Issue 15 - Article 11

DAC Guidelines on the Use of Incentives and Disincentives in Situations of Violent Conflict

June 5, 2003
Jon Ebersole, DAC Secretariat

In October 1998 the Development Assistance Committee (DAC) Task Force on Conflict, Peace and Development Cooperation agreed to commission a number of case studies to examine the use of overseas development aid (ODA) as an incentive or disincentive in situations of violent conflict. Four cases were selected which reflected different conflict situations: Afghanistan, Bosnia-Herzegovina, Rwanda and Sri Lanka. [1]

The studies examined objectives sought through the use of incentives and disincentives; contextual variables and determinants of effectiveness; available development cooperation instruments; donor coordination; and policy trade-offs and unintended consequences. In May 1999 the studies were reviewed in a workshop, and in August a synthesis and commentary report [2] was reviewed by an expert group. These form the basis for a consensual policy development process that will be submitted to DAC and then incorporated in the next edition of the Guidelines, currently scheduled for December 2000.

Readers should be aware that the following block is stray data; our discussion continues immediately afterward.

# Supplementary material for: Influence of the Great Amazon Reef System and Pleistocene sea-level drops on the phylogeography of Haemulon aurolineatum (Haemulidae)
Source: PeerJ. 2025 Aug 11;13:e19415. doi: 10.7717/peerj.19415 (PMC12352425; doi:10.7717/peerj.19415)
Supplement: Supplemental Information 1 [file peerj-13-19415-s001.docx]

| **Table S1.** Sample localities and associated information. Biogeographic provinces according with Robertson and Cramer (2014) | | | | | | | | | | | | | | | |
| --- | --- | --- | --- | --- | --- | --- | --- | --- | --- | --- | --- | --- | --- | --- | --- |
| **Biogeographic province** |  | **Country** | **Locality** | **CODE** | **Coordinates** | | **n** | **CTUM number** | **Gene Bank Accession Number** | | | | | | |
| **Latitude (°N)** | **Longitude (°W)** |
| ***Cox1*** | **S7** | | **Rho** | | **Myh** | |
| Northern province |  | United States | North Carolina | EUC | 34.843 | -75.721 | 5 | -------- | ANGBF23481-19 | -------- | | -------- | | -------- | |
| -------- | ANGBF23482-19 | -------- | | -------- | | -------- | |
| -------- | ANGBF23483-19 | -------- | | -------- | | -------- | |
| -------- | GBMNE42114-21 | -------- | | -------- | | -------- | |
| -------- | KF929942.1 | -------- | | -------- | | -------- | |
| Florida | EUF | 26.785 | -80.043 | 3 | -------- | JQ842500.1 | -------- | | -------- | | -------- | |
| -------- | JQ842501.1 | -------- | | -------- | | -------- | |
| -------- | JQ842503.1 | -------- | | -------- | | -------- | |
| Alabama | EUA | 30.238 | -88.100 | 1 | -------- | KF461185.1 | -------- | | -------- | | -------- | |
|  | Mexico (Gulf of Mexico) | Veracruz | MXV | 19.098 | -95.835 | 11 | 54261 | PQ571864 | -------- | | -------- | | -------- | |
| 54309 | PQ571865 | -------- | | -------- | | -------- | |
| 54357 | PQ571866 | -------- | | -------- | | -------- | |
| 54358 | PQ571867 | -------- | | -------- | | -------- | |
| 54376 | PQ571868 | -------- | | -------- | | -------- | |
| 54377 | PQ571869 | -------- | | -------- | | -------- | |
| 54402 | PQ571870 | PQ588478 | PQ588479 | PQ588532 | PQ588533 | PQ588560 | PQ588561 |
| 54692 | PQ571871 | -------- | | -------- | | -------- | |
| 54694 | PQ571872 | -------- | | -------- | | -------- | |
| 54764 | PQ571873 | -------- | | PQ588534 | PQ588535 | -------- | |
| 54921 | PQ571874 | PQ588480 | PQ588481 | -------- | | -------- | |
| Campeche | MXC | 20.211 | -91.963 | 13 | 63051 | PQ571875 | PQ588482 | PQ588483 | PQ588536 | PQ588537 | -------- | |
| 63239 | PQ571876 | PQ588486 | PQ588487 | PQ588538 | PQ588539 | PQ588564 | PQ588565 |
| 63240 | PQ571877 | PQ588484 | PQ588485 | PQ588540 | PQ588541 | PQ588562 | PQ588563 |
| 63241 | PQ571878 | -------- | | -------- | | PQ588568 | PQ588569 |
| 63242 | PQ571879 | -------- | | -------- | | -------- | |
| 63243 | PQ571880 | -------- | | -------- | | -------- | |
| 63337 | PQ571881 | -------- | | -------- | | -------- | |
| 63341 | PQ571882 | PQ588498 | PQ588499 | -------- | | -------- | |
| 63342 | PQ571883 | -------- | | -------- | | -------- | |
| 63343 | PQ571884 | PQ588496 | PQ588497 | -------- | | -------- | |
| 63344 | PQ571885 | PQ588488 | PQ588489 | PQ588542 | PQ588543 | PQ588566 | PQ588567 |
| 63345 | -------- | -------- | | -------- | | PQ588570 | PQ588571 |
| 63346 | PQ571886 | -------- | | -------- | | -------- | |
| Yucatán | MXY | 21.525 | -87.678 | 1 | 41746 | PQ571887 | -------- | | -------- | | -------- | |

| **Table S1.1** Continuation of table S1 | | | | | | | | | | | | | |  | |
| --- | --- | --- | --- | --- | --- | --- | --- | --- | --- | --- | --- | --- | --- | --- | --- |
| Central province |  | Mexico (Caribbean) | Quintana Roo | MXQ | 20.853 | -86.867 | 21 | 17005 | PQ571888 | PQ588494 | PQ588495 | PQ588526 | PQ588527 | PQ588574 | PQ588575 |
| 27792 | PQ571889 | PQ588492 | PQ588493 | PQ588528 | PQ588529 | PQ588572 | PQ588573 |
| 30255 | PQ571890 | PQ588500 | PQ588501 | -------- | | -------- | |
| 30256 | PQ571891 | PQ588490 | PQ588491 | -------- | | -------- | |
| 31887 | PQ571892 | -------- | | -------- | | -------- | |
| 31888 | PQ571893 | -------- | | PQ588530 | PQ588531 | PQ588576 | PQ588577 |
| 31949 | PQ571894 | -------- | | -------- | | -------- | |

The definitions of ‘incentive’, ‘disincentive’ and ‘conditionality’ were refined only after the case studies had been completed. According to the synthesis report:

Incentives for peace refer to all purposeful uses of aid that strengthen the dynamics that favour peace, by influencing actors’ behaviours, by strengthening pro-peace actors’ capacities, by changing the relations between conflicting actors (ethnic groups; the state and civil society), and by influencing the social and economic environment in which conflict and peace dynamics take place. Disincentives do the opposite: they weaken and discourage the dynamics that favour violence. Incentives and disincentives can occur in a conditional or in an unconditional manner (i.e., with or without reciprocity requirements, with or without an expected immediate response).


1. The influence of aid in affecting the course of violent conflict is limited. While aid always has economic and political implications – creating incentives and disincentives for peace or for war – the political economies of war, with few exceptions, are driven by international, national and local interests of greater magnitude than the financial or political clout of external aid.